1 & 2. 1984 World’s first creation of visible 3D light forms at the EdF laboratories France (Jean-Louis Lhermitte, François Bastien and Ian Ritchie)
3. 1994-2002 Molecular ‘doping’ of Na glass to limit crack propagation (with Prof Greaves, Aberystwyth Univ, Dept. of Physics)
4 & 5. 2010-2015 Double glazed, insulated, light transmitting undulating cast glass façade (SWC). Glazing assembly sample (left-hand side) SWC (right-hand side) (c) Grant Smith.
Ian Ritchie Architects have a world-wide reputation for material research, development and technical innovation in architecture and design engineering techniques which includes R&D work with major international companies. Very unusually for an architect’s practice we initiate and undertake research into materials, techniques and construction which complements the more conventional design research we undertake in space and form making.
We see design as an inherently collaborative process between user, designer and manufacturer, but critically engaging with other disciplines; from process and material specialists to scientists, artists and poets; to extend the horizon of possibilities.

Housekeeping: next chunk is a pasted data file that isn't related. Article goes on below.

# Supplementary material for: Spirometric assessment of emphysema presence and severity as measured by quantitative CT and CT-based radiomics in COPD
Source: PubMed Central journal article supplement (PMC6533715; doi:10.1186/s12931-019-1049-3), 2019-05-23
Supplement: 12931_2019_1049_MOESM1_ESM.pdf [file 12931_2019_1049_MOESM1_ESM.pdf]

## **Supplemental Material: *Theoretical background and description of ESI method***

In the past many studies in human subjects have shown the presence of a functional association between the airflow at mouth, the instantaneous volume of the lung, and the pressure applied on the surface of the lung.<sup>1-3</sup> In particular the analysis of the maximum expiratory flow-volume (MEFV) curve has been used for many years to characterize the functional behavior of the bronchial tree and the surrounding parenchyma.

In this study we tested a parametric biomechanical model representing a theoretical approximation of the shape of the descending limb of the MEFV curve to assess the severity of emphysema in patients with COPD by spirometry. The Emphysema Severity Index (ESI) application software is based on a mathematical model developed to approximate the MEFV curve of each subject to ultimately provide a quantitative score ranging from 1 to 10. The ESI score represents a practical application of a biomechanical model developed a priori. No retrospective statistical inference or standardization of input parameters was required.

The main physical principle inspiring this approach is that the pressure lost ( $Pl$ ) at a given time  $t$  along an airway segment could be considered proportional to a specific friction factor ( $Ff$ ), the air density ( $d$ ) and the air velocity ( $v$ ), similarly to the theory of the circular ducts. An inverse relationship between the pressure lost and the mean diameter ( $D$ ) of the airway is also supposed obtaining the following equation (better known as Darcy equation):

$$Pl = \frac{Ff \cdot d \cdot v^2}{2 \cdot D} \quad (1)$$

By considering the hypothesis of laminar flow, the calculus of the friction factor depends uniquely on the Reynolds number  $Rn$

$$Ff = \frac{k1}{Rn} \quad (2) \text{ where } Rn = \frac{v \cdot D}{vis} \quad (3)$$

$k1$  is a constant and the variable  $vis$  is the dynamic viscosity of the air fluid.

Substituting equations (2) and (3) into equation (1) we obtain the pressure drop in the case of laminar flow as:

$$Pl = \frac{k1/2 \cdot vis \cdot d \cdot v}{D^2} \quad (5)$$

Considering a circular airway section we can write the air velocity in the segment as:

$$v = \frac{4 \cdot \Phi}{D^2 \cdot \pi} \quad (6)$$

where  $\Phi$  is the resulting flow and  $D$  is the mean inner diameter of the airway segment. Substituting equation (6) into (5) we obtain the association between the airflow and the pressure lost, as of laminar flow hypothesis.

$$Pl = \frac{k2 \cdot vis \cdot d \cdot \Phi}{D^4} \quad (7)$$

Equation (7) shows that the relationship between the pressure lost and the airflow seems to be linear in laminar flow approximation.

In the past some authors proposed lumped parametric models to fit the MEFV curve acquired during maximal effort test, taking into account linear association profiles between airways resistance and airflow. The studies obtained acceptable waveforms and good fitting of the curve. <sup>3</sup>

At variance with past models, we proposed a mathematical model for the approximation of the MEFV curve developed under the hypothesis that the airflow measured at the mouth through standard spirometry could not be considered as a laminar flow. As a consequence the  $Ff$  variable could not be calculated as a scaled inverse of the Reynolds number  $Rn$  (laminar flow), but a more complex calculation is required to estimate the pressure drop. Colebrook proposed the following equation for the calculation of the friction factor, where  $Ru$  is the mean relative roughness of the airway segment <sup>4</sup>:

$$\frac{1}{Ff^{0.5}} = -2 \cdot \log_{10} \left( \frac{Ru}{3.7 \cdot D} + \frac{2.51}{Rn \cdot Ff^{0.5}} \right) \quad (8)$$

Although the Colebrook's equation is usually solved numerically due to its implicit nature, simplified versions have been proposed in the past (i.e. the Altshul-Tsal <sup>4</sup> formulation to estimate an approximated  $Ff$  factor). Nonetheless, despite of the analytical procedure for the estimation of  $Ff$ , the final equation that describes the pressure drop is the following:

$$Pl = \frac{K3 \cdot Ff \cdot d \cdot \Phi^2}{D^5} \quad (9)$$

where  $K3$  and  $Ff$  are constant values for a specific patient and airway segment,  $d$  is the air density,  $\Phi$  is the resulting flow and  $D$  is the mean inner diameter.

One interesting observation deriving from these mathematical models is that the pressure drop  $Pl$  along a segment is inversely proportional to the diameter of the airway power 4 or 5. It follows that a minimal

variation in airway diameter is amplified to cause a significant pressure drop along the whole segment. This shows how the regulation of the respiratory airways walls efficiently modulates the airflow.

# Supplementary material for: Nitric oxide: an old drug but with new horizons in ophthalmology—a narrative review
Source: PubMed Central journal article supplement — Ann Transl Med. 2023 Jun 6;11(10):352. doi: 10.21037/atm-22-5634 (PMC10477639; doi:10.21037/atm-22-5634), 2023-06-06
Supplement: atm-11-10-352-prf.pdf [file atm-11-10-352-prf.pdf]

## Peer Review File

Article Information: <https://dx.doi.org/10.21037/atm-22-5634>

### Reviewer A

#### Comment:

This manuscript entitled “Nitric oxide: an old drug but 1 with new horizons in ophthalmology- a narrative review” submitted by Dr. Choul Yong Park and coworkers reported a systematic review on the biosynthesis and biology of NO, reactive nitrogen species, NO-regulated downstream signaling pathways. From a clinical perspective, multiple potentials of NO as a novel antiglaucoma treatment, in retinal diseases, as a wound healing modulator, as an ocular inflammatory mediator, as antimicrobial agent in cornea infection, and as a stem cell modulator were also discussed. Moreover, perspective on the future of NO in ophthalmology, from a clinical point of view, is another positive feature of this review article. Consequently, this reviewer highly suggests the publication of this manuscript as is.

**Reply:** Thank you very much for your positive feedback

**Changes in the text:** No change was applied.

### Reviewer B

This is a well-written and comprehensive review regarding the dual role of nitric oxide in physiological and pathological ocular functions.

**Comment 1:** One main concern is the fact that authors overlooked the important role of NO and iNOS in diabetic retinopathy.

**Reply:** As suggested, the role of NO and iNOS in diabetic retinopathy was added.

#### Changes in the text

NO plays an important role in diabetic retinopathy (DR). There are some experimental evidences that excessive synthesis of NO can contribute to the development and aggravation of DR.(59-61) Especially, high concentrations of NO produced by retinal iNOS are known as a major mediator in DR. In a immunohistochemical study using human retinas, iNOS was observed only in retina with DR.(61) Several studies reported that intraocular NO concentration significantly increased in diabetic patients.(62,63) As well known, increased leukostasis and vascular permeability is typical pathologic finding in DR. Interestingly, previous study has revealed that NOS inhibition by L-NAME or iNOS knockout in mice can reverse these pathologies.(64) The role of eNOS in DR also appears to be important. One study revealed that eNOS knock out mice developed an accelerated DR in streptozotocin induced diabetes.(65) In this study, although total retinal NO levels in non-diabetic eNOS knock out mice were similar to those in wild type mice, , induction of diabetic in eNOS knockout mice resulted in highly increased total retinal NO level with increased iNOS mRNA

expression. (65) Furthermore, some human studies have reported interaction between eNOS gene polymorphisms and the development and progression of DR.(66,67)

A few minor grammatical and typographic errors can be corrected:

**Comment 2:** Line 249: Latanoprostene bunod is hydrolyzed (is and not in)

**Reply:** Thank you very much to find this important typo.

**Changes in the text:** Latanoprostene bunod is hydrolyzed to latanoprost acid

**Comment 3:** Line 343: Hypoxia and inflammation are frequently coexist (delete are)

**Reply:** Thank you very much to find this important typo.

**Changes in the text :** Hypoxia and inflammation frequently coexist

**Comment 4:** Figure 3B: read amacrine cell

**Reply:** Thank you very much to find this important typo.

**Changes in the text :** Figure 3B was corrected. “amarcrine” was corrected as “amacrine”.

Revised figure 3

Our research ethos is culturally integrated in the day-to-day design activities of our studio and is applied to all projects.
The practice has been responsible for a number of ‘world firsts’ that illustrate the range of innovation and applied techniques which we have developed collaboratively from our project work and research commissions (we highlight three from this list above). These are generally material innovations and applications, but with an eye on a known ‘expanded’ performance, e.g. to enclose and cover buildings, while other investigations involve molecular behaviour, to high performance diode lighting, and dynamic rowing tanks.
Our current areas of research interest include:
Low-energy life-cycle consumption and very low maintenance solutions
High performance materials and coatings, marrying of characteristics
Improving performance value of low performance or waste materials
Robotics, controls, systems integration and simplification
Linking neuroscience research to a growing understanding of human responses to the built environment